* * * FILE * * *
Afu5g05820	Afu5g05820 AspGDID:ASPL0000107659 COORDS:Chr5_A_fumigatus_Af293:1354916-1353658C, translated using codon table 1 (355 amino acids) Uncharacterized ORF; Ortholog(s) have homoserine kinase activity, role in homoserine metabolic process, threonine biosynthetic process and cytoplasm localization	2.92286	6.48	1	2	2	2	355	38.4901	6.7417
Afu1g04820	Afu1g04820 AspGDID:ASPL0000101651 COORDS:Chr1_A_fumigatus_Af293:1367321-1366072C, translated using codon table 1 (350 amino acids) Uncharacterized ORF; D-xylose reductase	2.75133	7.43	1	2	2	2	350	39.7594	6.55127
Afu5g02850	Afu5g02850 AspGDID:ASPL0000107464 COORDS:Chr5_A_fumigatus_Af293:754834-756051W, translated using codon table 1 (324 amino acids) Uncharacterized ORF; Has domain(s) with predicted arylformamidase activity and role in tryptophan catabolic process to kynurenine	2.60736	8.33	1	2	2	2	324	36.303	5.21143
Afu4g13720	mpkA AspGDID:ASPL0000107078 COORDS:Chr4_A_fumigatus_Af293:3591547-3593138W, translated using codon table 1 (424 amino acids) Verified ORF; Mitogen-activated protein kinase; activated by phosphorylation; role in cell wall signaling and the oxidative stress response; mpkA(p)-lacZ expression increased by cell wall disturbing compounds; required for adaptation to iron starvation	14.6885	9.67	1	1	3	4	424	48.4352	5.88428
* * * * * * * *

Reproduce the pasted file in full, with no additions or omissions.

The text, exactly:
Afu5g05820	Afu5g05820 AspGDID:ASPL0000107659 COORDS:Chr5_A_fumigatus_Af293:1354916-1353658C, translated using codon table 1 (355 amino acids) Uncharacterized ORF; Ortholog(s) have homoserine kinase activity, role in homoserine metabolic process, threonine biosynthetic process and cytoplasm localization	2.92286	6.48	1	2	2	2	355	38.4901	6.7417
Afu1g04820	Afu1g04820 AspGDID:ASPL0000101651 COORDS:Chr1_A_fumigatus_Af293:1367321-1366072C, translated using codon table 1 (350 amino acids) Uncharacterized ORF; D-xylose reductase	2.75133	7.43	1	2	2	2	350	39.7594	6.55127
Afu5g02850	Afu5g02850 AspGDID:ASPL0000107464 COORDS:Chr5_A_fumigatus_Af293:754834-756051W, translated using codon table 1 (324 amino acids) Uncharacterized ORF; Has domain(s) with predicted arylformamidase activity and role in tryptophan catabolic process to kynurenine	2.60736	8.33	1	2	2	2	324	36.303	5.21143
Afu4g13720	mpkA AspGDID:ASPL0000107078 COORDS:Chr4_A_fumigatus_Af293:3591547-3593138W, translated using codon table 1 (424 amino acids) Verified ORF; Mitogen-activated protein kinase; activated by phosphorylation; role in cell wall signaling and the oxidative stress response; mpkA(p)-lacZ expression increased by cell wall disturbing compounds; required for adaptation to iron starvation	14.6885	9.67	1	1	3	4	424	48.4352	5.88428